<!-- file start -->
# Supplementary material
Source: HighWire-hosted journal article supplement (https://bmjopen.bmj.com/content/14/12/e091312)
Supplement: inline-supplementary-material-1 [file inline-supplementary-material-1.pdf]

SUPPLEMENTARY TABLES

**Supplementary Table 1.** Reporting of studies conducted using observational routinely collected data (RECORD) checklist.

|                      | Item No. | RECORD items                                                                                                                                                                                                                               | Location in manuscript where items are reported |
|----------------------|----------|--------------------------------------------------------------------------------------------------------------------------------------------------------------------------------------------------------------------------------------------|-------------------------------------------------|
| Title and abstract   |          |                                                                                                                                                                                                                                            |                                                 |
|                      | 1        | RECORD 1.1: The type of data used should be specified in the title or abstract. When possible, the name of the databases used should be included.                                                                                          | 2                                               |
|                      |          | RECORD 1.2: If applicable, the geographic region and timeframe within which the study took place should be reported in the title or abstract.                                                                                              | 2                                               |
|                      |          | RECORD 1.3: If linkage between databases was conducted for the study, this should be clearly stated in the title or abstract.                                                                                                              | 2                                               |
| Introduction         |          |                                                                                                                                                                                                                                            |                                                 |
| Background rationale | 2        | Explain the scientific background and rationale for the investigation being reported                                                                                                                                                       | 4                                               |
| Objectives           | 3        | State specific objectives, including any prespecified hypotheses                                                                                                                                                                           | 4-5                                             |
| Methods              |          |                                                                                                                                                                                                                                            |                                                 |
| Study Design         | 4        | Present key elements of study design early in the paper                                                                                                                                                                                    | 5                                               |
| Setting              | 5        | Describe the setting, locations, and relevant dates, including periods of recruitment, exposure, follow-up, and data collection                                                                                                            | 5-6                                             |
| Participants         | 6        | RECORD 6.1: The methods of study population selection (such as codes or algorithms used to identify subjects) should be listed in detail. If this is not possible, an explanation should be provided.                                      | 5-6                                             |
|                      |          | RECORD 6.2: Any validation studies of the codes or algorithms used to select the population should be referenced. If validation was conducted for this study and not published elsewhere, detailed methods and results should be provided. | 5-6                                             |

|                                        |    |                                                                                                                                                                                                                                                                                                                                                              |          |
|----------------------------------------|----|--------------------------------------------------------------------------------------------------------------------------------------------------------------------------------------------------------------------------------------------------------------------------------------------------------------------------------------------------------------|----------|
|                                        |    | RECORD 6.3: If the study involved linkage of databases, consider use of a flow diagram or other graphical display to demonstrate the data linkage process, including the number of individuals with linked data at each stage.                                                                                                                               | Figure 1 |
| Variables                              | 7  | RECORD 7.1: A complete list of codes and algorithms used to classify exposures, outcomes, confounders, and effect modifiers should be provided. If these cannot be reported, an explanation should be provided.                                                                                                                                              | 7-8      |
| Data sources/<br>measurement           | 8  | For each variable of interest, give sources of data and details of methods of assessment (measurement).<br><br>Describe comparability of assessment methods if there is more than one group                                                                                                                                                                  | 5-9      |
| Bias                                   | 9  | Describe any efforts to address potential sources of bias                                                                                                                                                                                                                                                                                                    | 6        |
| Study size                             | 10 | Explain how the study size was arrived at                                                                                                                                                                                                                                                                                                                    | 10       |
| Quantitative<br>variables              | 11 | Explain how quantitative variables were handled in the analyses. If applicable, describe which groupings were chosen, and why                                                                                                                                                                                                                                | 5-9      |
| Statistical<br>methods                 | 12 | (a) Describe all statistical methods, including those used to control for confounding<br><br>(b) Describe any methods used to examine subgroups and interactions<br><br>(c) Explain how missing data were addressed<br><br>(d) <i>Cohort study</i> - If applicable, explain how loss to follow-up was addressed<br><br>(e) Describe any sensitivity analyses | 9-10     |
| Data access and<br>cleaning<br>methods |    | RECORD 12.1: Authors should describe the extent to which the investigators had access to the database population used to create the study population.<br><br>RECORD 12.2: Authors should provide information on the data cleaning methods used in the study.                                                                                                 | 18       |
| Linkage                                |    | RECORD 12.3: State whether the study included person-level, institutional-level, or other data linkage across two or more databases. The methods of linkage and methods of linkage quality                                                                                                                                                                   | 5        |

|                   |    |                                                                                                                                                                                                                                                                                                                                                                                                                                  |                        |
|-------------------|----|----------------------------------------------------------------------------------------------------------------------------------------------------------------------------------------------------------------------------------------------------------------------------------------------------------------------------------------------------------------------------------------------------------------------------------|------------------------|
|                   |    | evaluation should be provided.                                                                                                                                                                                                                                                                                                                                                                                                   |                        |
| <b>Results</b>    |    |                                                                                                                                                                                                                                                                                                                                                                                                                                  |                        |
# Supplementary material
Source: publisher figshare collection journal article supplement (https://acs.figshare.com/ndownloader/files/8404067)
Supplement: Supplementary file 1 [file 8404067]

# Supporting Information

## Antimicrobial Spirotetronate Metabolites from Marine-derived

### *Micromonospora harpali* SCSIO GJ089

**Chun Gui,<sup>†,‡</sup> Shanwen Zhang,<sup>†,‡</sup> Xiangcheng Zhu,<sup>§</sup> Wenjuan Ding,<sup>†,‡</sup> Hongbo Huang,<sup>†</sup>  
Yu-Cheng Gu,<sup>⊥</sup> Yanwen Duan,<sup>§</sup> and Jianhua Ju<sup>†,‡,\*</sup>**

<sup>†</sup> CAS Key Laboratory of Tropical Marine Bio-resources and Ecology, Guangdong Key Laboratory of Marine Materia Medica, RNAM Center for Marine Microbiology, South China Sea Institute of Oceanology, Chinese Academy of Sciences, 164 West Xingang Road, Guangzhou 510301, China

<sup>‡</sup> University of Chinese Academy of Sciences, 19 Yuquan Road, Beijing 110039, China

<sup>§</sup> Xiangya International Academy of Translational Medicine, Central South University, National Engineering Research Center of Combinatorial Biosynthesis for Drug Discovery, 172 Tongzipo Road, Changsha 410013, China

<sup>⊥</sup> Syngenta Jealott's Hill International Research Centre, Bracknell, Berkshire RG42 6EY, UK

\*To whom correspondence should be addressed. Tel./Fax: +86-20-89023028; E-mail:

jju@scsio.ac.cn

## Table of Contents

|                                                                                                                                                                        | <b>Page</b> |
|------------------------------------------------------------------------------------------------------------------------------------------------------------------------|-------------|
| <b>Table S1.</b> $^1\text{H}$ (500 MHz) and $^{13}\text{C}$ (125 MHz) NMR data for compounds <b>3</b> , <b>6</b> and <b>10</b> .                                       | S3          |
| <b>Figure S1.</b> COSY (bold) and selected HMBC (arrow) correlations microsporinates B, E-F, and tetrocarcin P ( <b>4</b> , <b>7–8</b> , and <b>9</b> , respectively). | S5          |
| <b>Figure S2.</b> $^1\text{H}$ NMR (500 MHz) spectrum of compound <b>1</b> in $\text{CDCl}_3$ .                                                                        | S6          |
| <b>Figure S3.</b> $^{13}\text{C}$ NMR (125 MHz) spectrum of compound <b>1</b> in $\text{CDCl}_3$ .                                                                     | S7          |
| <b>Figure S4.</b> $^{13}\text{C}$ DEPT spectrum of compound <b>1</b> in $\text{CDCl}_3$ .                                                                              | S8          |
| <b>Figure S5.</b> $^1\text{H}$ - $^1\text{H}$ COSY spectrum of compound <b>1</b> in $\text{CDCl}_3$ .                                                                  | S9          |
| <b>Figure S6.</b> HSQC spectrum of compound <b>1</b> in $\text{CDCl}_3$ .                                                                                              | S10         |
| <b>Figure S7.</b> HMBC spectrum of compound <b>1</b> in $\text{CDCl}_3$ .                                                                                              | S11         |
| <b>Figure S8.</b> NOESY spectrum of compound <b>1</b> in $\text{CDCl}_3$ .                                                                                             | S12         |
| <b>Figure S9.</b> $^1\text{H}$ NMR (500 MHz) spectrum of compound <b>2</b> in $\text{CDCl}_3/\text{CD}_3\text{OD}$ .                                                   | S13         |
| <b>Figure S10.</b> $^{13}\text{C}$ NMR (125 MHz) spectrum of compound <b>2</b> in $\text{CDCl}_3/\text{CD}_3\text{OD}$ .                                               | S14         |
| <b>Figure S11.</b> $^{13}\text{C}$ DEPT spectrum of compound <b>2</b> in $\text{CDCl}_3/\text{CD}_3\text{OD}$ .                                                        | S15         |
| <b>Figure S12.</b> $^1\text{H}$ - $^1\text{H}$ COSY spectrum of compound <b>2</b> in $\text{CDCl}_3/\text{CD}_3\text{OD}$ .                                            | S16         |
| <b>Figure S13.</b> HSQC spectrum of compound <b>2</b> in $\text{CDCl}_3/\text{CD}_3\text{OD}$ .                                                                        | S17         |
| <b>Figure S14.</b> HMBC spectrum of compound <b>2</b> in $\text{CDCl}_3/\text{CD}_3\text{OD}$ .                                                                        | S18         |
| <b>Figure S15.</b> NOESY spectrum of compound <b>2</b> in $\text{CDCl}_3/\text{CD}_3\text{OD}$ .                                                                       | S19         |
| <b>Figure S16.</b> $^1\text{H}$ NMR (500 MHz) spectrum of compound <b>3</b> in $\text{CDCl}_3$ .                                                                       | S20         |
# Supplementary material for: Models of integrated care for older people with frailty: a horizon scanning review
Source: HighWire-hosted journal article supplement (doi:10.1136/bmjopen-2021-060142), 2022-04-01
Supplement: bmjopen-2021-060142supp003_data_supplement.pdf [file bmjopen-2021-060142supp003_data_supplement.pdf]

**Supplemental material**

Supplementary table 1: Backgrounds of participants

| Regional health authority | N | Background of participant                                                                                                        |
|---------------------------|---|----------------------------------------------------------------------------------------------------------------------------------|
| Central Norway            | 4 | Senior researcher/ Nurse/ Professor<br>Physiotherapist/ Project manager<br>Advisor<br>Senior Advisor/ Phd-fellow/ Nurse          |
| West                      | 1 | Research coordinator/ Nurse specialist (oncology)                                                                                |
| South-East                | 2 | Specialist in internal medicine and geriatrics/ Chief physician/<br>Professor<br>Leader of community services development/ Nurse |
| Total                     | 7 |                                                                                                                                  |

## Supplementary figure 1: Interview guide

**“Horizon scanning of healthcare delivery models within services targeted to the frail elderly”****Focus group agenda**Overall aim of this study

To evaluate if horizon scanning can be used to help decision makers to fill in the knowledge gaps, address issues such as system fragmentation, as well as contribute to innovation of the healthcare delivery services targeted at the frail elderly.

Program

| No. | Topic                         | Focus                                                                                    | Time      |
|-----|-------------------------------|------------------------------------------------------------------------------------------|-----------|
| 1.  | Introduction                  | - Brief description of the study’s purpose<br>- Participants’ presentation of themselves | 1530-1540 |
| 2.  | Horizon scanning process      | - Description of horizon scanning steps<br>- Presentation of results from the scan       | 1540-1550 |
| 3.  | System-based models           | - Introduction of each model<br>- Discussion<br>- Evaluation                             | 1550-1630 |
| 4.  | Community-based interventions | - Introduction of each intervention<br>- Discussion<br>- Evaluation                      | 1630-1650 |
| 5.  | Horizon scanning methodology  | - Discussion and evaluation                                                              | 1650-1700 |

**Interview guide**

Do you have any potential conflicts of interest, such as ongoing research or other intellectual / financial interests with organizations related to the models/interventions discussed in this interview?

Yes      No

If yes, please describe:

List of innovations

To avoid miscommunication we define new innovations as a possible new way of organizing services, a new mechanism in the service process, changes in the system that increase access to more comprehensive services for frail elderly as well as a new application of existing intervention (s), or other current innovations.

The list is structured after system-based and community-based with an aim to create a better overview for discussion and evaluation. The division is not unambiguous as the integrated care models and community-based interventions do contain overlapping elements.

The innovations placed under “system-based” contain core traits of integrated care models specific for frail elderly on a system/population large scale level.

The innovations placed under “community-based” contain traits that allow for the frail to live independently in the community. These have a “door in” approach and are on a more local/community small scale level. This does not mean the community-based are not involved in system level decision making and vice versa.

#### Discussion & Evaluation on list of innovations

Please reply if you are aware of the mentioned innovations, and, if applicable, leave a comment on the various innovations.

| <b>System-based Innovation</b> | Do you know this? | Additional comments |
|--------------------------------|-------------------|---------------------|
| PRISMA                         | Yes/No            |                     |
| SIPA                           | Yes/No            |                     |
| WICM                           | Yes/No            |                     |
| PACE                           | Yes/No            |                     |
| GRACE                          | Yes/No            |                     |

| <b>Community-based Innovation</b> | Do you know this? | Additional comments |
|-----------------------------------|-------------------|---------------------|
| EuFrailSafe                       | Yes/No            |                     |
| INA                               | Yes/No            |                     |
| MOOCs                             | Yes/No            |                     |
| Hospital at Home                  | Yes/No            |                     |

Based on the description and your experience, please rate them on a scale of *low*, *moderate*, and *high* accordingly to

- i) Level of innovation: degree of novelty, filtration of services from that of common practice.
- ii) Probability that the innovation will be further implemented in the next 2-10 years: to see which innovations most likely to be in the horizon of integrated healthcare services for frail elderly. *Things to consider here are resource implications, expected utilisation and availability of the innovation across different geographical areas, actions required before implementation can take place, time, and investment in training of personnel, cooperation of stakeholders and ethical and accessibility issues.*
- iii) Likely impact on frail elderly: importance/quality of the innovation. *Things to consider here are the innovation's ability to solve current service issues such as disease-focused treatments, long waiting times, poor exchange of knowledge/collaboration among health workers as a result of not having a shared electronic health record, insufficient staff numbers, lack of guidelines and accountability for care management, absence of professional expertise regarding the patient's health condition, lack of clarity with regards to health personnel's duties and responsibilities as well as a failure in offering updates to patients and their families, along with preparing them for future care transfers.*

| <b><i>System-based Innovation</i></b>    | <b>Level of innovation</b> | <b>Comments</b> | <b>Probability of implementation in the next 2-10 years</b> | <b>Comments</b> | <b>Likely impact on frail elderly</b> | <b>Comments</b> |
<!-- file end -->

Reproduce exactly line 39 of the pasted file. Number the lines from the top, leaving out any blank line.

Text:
## Antimicrobial Spirotetronate Metabolites from Marine-derived